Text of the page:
If you have ever been audited, you know that according to the IRS, you can’t deduct amounts that you approximate or estimate.
Record keeping is key. But it doesn't have to be painful.
Records and Receipts
You are required to keep adequate records to prove your expenses or have sufficient evidence that will support your own statement.
You must generally prepare a written (or digital) record for it to be considered adequate.
What Are Adequate Records?
You should keep the proof you need in an account book, diary, log, statement of expense, trip sheets, or similar record. (Or use a mileage tracking app, also included on our mobile app.)
You should also keep documentary evidence that, together with your record, will support each element of an expense.
You generally must have documentary evidence, such as receipts, canceled checks, or bills, to support your expenses.
Exception. Documentary evidence isn’t needed if any of the following conditions apply:
You have meals or lodging expenses while traveling away from home for which you account to your employer (subject to accountability requirements from the employer.)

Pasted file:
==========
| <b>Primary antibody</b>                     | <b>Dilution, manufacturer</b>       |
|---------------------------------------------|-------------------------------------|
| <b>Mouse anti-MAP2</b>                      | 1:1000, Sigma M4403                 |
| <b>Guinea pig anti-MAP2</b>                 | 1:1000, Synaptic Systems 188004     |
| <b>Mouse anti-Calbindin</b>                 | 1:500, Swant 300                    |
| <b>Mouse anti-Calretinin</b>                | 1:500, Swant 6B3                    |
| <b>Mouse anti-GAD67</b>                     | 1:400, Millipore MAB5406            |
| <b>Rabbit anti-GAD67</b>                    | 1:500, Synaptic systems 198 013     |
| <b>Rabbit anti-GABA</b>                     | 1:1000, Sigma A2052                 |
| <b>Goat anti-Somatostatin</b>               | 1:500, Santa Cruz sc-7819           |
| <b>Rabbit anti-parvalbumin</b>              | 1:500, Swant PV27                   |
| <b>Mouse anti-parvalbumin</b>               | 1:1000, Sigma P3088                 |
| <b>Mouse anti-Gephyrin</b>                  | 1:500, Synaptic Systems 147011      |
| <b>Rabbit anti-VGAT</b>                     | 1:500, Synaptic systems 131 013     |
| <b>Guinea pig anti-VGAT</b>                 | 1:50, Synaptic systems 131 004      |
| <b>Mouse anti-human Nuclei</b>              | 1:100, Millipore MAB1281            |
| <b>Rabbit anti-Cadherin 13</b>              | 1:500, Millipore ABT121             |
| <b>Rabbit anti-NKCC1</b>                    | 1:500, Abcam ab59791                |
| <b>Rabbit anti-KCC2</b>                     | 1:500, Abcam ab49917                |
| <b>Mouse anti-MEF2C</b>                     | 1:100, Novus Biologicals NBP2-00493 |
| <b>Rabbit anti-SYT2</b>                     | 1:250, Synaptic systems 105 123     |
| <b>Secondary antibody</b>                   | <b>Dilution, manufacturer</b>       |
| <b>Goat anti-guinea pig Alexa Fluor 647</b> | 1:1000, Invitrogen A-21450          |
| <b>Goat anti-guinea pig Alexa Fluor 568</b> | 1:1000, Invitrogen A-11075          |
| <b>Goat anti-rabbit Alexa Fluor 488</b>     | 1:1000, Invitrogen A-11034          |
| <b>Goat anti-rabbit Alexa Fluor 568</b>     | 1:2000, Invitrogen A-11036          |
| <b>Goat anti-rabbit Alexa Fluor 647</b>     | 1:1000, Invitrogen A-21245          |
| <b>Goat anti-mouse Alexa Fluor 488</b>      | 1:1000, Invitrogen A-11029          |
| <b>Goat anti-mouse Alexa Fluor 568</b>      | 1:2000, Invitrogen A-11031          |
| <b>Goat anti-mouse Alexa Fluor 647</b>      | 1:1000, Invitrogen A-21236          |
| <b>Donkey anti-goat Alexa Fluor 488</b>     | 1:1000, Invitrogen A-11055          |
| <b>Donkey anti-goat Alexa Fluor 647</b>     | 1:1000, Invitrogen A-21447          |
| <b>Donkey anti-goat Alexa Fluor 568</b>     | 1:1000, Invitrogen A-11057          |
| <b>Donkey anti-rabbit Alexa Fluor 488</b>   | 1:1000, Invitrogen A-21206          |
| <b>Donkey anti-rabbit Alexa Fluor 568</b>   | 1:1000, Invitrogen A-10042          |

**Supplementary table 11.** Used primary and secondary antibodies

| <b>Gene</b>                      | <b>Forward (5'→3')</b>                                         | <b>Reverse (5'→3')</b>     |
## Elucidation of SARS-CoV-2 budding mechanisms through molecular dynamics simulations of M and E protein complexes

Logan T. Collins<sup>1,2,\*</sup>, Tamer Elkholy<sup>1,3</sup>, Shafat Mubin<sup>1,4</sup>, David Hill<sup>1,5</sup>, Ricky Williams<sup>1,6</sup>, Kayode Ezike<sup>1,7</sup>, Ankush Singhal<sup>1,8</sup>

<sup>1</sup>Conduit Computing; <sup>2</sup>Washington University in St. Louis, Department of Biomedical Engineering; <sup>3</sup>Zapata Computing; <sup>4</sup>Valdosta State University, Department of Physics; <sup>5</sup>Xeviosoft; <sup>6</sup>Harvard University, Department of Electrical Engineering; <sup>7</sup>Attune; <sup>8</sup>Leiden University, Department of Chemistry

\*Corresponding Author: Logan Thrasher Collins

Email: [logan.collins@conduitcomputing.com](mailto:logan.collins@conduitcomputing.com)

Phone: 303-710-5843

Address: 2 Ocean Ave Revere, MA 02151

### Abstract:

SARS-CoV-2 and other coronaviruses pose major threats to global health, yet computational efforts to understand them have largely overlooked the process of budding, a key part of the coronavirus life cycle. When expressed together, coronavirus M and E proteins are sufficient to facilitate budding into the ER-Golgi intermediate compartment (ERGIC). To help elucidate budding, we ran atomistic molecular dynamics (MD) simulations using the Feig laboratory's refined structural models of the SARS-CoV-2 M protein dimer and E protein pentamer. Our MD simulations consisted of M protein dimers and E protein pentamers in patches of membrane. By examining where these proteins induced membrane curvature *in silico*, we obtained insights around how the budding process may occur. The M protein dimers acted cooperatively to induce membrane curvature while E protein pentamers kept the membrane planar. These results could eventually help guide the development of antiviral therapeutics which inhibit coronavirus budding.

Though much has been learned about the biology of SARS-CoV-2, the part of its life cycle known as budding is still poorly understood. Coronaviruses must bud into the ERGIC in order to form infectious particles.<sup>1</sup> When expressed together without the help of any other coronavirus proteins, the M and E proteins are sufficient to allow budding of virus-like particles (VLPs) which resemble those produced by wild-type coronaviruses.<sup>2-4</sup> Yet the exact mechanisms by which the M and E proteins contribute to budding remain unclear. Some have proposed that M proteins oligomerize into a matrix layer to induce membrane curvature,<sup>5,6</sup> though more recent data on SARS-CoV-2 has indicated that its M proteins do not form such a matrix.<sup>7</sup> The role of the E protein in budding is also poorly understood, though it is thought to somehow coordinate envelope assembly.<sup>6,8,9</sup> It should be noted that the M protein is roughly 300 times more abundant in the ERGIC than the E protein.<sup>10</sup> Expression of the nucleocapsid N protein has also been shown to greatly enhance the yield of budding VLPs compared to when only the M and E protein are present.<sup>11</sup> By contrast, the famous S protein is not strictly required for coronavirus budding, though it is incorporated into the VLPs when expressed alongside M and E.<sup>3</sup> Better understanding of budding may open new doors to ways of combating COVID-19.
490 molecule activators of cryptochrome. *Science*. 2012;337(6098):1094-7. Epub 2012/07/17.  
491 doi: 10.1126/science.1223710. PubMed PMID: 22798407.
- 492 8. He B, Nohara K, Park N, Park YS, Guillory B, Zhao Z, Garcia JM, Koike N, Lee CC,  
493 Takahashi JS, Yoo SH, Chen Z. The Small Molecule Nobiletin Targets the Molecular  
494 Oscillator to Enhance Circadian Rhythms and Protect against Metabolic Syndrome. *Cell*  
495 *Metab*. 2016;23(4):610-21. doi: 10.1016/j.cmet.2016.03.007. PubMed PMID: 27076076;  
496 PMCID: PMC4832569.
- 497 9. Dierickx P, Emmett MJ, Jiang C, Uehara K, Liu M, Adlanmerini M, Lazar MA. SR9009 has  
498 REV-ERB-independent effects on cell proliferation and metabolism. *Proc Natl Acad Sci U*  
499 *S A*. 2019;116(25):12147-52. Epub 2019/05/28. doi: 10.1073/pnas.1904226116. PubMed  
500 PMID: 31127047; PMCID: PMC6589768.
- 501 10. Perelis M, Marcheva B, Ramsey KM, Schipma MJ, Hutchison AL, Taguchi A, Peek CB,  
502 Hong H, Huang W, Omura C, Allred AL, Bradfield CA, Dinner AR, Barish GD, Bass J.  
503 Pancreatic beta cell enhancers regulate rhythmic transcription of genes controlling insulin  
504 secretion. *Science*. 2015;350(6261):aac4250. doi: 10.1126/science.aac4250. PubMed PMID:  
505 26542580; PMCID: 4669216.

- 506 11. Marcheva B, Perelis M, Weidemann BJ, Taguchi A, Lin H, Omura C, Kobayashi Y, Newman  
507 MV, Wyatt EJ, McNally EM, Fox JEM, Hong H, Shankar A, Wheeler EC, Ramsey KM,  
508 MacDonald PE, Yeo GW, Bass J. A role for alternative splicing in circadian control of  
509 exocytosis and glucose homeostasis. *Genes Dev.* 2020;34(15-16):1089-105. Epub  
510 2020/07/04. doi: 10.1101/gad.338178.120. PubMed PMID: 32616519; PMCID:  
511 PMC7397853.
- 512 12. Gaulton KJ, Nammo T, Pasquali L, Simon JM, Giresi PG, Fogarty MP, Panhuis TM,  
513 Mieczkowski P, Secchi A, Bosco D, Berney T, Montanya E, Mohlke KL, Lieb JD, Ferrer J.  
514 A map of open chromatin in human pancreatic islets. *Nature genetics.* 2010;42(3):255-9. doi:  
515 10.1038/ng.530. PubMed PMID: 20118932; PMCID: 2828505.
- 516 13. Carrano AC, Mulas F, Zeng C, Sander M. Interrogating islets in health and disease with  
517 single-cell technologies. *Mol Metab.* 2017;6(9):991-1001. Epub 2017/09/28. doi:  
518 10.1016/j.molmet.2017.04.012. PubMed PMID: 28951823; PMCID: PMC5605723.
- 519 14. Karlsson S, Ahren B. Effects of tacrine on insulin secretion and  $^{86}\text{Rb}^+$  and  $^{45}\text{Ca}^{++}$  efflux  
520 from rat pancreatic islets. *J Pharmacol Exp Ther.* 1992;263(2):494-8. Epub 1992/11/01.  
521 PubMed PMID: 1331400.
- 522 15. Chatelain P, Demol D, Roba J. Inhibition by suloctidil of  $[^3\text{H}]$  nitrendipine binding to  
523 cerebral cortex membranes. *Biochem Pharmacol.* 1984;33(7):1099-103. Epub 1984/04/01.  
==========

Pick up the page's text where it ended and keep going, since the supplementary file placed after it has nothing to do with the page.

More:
Your expense, other than lodging, is less than $75.
You have a transportation expense for which a receipt isn’t readily available.
What information should you keep?
Documentary evidence ordinarily will be considered adequate if it shows the amount, date, place, and essential character of the expense.
For example, a hotel receipt is enough to support expenses for business travel if it has all of the following information.
The name and location of the hotel.
The dates you stayed there.
Separate amounts for charges such as lodging, meals, and telephone calls.
A restaurant receipt is enough to prove an expense for a business meal if it has all of the following information.
The name and location of the restaurant.
The number of people served.
The date and amount of the expense.
If a charge is made for items other than food and beverages, the receipt must show that this is the case.